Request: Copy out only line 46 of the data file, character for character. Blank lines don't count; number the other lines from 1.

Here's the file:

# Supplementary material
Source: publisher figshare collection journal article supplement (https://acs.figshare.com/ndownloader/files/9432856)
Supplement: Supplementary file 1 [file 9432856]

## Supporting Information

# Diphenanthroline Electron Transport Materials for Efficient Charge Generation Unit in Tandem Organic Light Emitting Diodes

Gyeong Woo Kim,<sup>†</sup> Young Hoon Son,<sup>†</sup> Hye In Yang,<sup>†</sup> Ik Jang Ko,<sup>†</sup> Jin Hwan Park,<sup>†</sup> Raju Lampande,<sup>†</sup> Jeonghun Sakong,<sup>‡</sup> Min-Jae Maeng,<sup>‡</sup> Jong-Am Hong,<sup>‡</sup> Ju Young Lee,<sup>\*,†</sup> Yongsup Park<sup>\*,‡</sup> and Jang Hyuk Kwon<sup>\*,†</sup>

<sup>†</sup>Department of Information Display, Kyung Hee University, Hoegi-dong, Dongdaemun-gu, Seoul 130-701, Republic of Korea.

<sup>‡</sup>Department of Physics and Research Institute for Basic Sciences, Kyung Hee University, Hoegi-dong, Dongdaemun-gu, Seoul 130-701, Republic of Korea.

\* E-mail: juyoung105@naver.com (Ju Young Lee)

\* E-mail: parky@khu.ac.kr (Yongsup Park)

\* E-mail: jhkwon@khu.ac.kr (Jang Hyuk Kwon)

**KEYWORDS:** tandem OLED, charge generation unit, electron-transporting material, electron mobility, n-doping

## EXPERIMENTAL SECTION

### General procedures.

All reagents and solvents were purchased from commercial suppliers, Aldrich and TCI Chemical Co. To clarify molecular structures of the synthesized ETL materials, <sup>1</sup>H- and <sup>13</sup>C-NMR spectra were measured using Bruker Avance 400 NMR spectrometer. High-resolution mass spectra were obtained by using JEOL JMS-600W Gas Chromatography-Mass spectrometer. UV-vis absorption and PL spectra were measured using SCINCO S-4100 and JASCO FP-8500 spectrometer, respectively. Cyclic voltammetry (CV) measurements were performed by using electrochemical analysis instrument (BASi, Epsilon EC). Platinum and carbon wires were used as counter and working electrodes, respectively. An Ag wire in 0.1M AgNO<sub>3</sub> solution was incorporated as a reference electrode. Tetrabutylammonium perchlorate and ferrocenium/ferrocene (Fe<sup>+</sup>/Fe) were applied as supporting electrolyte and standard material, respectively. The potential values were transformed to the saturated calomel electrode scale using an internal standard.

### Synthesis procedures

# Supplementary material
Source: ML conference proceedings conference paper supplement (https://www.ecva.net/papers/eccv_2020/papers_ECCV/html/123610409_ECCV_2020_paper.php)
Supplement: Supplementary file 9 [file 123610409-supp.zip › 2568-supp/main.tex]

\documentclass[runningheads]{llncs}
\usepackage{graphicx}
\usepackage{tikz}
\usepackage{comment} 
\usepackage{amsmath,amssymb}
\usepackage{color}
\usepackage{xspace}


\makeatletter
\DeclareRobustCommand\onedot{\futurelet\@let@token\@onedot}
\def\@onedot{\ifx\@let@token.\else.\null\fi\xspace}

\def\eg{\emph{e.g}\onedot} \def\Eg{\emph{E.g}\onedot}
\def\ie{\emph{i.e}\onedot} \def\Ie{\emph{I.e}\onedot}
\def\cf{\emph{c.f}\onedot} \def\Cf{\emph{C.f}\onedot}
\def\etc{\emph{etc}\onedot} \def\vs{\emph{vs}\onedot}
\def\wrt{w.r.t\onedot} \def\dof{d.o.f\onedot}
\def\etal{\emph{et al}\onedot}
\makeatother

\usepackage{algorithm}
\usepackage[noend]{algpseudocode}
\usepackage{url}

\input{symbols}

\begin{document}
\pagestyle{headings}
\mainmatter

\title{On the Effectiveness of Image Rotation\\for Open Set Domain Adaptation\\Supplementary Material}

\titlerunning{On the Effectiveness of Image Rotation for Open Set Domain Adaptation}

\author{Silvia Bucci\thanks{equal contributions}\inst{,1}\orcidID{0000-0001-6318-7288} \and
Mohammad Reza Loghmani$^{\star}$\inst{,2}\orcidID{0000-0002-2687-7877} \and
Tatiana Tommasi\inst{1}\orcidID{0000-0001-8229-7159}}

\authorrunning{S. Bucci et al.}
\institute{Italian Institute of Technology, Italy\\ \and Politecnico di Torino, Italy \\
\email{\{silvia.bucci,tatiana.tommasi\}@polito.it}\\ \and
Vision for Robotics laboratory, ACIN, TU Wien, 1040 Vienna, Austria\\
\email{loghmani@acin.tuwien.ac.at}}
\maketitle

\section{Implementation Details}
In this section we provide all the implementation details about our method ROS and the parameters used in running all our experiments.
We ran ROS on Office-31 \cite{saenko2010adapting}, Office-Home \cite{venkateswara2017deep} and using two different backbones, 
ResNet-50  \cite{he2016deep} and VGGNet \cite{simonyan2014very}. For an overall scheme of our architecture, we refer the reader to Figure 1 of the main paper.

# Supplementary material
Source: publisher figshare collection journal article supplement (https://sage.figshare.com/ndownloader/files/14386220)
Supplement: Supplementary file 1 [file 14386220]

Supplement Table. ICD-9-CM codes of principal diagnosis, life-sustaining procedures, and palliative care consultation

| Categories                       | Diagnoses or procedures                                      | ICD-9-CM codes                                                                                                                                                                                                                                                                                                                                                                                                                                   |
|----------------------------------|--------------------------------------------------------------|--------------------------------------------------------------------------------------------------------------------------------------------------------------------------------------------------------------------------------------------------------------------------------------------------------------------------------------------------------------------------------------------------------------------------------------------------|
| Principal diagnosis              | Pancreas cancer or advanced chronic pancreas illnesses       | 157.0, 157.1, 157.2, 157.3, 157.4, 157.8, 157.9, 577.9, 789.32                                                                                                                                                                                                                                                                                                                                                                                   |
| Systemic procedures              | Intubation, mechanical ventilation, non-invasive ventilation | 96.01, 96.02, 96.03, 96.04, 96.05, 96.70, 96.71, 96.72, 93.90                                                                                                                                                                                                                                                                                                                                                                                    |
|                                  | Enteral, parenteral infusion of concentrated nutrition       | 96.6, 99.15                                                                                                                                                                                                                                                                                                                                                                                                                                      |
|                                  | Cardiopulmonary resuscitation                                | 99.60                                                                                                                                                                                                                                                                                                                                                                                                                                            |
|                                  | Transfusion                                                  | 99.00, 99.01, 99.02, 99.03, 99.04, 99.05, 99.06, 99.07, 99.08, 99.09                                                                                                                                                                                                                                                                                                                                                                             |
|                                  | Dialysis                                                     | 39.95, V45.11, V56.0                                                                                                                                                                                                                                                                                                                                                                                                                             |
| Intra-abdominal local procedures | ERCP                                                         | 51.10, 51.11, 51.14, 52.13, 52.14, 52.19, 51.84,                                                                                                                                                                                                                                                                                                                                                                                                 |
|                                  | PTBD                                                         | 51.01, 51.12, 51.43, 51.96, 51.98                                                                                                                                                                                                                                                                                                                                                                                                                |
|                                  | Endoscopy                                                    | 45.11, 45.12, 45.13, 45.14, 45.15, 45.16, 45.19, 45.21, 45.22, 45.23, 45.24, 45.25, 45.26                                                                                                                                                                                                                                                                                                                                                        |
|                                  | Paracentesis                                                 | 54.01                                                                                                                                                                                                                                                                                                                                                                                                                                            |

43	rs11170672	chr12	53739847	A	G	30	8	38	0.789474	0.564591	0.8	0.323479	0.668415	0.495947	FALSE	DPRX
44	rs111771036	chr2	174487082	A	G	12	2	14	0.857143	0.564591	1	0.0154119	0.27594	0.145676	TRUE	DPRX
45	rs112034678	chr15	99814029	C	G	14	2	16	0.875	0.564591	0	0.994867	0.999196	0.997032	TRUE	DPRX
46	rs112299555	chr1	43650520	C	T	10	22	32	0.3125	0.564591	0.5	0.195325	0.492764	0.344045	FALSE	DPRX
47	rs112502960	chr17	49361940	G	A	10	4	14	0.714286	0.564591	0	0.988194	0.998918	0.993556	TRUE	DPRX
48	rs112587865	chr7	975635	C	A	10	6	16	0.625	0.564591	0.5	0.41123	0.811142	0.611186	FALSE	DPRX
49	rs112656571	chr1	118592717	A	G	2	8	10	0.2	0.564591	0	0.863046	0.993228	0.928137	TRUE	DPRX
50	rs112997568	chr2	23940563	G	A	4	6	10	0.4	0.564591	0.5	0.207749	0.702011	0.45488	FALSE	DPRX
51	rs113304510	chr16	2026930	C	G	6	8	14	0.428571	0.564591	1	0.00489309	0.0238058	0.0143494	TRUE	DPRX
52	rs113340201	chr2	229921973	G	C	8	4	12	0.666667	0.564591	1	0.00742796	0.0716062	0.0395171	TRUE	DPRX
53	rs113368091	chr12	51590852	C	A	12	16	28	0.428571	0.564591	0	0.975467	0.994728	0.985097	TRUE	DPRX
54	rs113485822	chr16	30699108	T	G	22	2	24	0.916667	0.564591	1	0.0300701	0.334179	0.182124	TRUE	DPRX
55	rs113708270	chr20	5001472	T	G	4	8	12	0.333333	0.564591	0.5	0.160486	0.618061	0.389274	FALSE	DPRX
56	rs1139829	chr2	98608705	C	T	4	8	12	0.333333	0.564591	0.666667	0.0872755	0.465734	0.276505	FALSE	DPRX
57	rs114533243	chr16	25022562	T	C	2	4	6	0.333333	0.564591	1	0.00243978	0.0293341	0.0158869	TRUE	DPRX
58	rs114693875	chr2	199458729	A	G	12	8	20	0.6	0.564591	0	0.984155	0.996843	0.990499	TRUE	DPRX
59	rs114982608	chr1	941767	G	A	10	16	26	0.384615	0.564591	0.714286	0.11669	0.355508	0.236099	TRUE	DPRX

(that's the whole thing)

\author{Silvia Bucci\thanks{equal contributions}\inst{,1}\orcidID{0000-0001-6318-7288} \and